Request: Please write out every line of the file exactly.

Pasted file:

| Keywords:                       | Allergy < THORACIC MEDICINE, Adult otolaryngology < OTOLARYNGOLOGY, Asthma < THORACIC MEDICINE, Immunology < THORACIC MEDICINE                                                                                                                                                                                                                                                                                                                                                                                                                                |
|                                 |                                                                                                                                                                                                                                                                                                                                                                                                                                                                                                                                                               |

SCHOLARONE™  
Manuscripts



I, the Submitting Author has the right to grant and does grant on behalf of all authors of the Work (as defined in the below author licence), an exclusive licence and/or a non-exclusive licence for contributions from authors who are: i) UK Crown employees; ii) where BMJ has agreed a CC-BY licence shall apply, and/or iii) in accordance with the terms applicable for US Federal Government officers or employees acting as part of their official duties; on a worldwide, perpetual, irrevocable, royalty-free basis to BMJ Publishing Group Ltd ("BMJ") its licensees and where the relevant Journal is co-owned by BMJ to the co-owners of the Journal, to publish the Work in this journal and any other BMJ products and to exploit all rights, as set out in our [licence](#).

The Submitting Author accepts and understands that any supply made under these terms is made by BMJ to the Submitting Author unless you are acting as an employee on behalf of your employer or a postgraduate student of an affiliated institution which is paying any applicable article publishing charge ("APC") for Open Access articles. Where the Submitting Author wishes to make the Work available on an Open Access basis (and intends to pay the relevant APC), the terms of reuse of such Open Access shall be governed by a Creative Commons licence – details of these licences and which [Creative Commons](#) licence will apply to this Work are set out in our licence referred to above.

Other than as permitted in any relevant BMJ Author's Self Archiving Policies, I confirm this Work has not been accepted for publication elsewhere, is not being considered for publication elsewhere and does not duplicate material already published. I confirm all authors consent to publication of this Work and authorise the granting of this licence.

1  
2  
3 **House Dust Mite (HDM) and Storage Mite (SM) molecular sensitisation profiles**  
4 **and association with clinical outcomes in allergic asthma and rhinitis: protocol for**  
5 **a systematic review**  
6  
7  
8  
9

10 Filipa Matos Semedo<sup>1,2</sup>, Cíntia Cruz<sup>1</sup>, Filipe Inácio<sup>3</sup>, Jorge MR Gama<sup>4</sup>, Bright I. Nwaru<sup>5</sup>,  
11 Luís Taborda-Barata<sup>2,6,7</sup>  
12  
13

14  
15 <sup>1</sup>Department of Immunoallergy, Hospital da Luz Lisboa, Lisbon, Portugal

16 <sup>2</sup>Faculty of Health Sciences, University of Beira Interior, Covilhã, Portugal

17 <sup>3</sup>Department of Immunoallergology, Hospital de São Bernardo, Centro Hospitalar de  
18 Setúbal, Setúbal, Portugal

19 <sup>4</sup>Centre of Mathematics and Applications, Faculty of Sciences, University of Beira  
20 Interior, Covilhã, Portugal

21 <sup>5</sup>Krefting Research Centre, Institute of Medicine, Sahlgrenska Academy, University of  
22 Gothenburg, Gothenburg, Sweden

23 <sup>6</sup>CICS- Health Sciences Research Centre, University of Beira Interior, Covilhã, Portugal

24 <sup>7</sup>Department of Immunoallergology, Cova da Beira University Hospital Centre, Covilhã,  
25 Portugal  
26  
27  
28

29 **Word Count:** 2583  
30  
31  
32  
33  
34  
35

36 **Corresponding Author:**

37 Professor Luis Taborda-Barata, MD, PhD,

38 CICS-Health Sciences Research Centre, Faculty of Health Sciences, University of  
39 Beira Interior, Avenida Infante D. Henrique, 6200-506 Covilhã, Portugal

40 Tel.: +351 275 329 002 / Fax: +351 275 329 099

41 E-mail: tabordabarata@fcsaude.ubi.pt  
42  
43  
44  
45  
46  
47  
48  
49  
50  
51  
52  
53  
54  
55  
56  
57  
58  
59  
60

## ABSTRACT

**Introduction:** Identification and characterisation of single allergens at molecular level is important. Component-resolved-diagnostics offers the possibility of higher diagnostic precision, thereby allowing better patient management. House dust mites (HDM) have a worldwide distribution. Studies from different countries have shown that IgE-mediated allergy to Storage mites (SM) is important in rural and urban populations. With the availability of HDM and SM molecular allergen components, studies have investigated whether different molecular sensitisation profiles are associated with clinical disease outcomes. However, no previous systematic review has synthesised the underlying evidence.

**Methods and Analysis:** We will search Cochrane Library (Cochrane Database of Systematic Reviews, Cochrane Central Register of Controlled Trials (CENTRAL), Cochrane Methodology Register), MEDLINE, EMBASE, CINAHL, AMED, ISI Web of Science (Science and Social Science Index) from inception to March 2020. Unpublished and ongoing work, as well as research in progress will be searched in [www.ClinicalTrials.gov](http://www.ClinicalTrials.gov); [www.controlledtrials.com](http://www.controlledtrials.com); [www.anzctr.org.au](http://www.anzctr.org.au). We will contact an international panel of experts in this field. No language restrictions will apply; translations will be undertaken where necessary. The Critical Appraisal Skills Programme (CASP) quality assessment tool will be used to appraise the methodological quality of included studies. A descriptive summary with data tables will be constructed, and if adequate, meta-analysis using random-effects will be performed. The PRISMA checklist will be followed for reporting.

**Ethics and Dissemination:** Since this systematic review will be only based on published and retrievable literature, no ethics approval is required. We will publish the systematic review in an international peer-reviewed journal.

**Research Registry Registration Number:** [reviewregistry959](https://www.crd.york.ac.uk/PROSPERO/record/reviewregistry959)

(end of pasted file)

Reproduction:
| Keywords:                       | Allergy < THORACIC MEDICINE, Adult otolaryngology < OTOLARYNGOLOGY, Asthma < THORACIC MEDICINE, Immunology < THORACIC MEDICINE                                                                                                                                                                                                                                                                                                                                                                                                                                |
|                                 |                                                                                                                                                                                                                                                                                                                                                                                                                                                                                                                                                               |

SCHOLARONE™  
Manuscripts



I, the Submitting Author has the right to grant and does grant on behalf of all authors of the Work (as defined in the below author licence), an exclusive licence and/or a non-exclusive licence for contributions from authors who are: i) UK Crown employees; ii) where BMJ has agreed a CC-BY licence shall apply, and/or iii) in accordance with the terms applicable for US Federal Government officers or employees acting as part of their official duties; on a worldwide, perpetual, irrevocable, royalty-free basis to BMJ Publishing Group Ltd ("BMJ") its licensees and where the relevant Journal is co-owned by BMJ to the co-owners of the Journal, to publish the Work in this journal and any other BMJ products and to exploit all rights, as set out in our [licence](#).

The Submitting Author accepts and understands that any supply made under these terms is made by BMJ to the Submitting Author unless you are acting as an employee on behalf of your employer or a postgraduate student of an affiliated institution which is paying any applicable article publishing charge ("APC") for Open Access articles. Where the Submitting Author wishes to make the Work available on an Open Access basis (and intends to pay the relevant APC), the terms of reuse of such Open Access shall be governed by a Creative Commons licence – details of these licences and which [Creative Commons](#) licence will apply to this Work are set out in our licence referred to above.

Other than as permitted in any relevant BMJ Author's Self Archiving Policies, I confirm this Work has not been accepted for publication elsewhere, is not being considered for publication elsewhere and does not duplicate material already published. I confirm all authors consent to publication of this Work and authorise the granting of this licence.

1  
2  
3 **House Dust Mite (HDM) and Storage Mite (SM) molecular sensitisation profiles**  
4 **and association with clinical outcomes in allergic asthma and rhinitis: protocol for**  
5 **a systematic review**  
6  
7  
8  
9

10 Filipa Matos Semedo<sup>1,2</sup>, Cíntia Cruz<sup>1</sup>, Filipe Inácio<sup>3</sup>, Jorge MR Gama<sup>4</sup>, Bright I. Nwaru<sup>5</sup>,  
11 Luís Taborda-Barata<sup>2,6,7</sup>  
12  
13

14  
15 <sup>1</sup>Department of Immunoallergy, Hospital da Luz Lisboa, Lisbon, Portugal

16 <sup>2</sup>Faculty of Health Sciences, University of Beira Interior, Covilhã, Portugal

17 <sup>3</sup>Department of Immunoallergology, Hospital de São Bernardo, Centro Hospitalar de  
18 Setúbal, Setúbal, Portugal

19 <sup>4</sup>Centre of Mathematics and Applications, Faculty of Sciences, University of Beira  
20 Interior, Covilhã, Portugal

21 <sup>5</sup>Krefting Research Centre, Institute of Medicine, Sahlgrenska Academy, University of  
22 Gothenburg, Gothenburg, Sweden

23 <sup>6</sup>CICS- Health Sciences Research Centre, University of Beira Interior, Covilhã, Portugal

24 <sup>7</sup>Department of Immunoallergology, Cova da Beira University Hospital Centre, Covilhã,  
25 Portugal  
26  
27  
28

29 **Word Count:** 2583  
30  
31  
32  
33  
34  
35

36 **Corresponding Author:**

37 Professor Luis Taborda-Barata, MD, PhD,

38 CICS-Health Sciences Research Centre, Faculty of Health Sciences, University of  
39 Beira Interior, Avenida Infante D. Henrique, 6200-506 Covilhã, Portugal

40 Tel.: +351 275 329 002 / Fax: +351 275 329 099

41 E-mail: tabordabarata@fcsaude.ubi.pt  
42  
43  
44  
45  
46  
47  
48  
49  
50  
51  
52  
53  
54  
55  
56  
57  
58  
59  
60

## ABSTRACT

**Introduction:** Identification and characterisation of single allergens at molecular level is important. Component-resolved-diagnostics offers the possibility of higher diagnostic precision, thereby allowing better patient management. House dust mites (HDM) have a worldwide distribution. Studies from different countries have shown that IgE-mediated allergy to Storage mites (SM) is important in rural and urban populations. With the availability of HDM and SM molecular allergen components, studies have investigated whether different molecular sensitisation profiles are associated with clinical disease outcomes. However, no previous systematic review has synthesised the underlying evidence.

**Methods and Analysis:** We will search Cochrane Library (Cochrane Database of Systematic Reviews, Cochrane Central Register of Controlled Trials (CENTRAL), Cochrane Methodology Register), MEDLINE, EMBASE, CINAHL, AMED, ISI Web of Science (Science and Social Science Index) from inception to March 2020. Unpublished and ongoing work, as well as research in progress will be searched in [www.ClinicalTrials.gov](http://www.ClinicalTrials.gov); [www.controlledtrials.com](http://www.controlledtrials.com); [www.anzctr.org.au](http://www.anzctr.org.au). We will contact an international panel of experts in this field. No language restrictions will apply; translations will be undertaken where necessary. The Critical Appraisal Skills Programme (CASP) quality assessment tool will be used to appraise the methodological quality of included studies. A descriptive summary with data tables will be constructed, and if adequate, meta-analysis using random-effects will be performed. The PRISMA checklist will be followed for reporting.

**Ethics and Dissemination:** Since this systematic review will be only based on published and retrievable literature, no ethics approval is required. We will publish the systematic review in an international peer-reviewed journal.

**Research Registry Registration Number:** [reviewregistry959](https://www.crd.york.ac.uk/PROSPERO/record/reviewregistry959)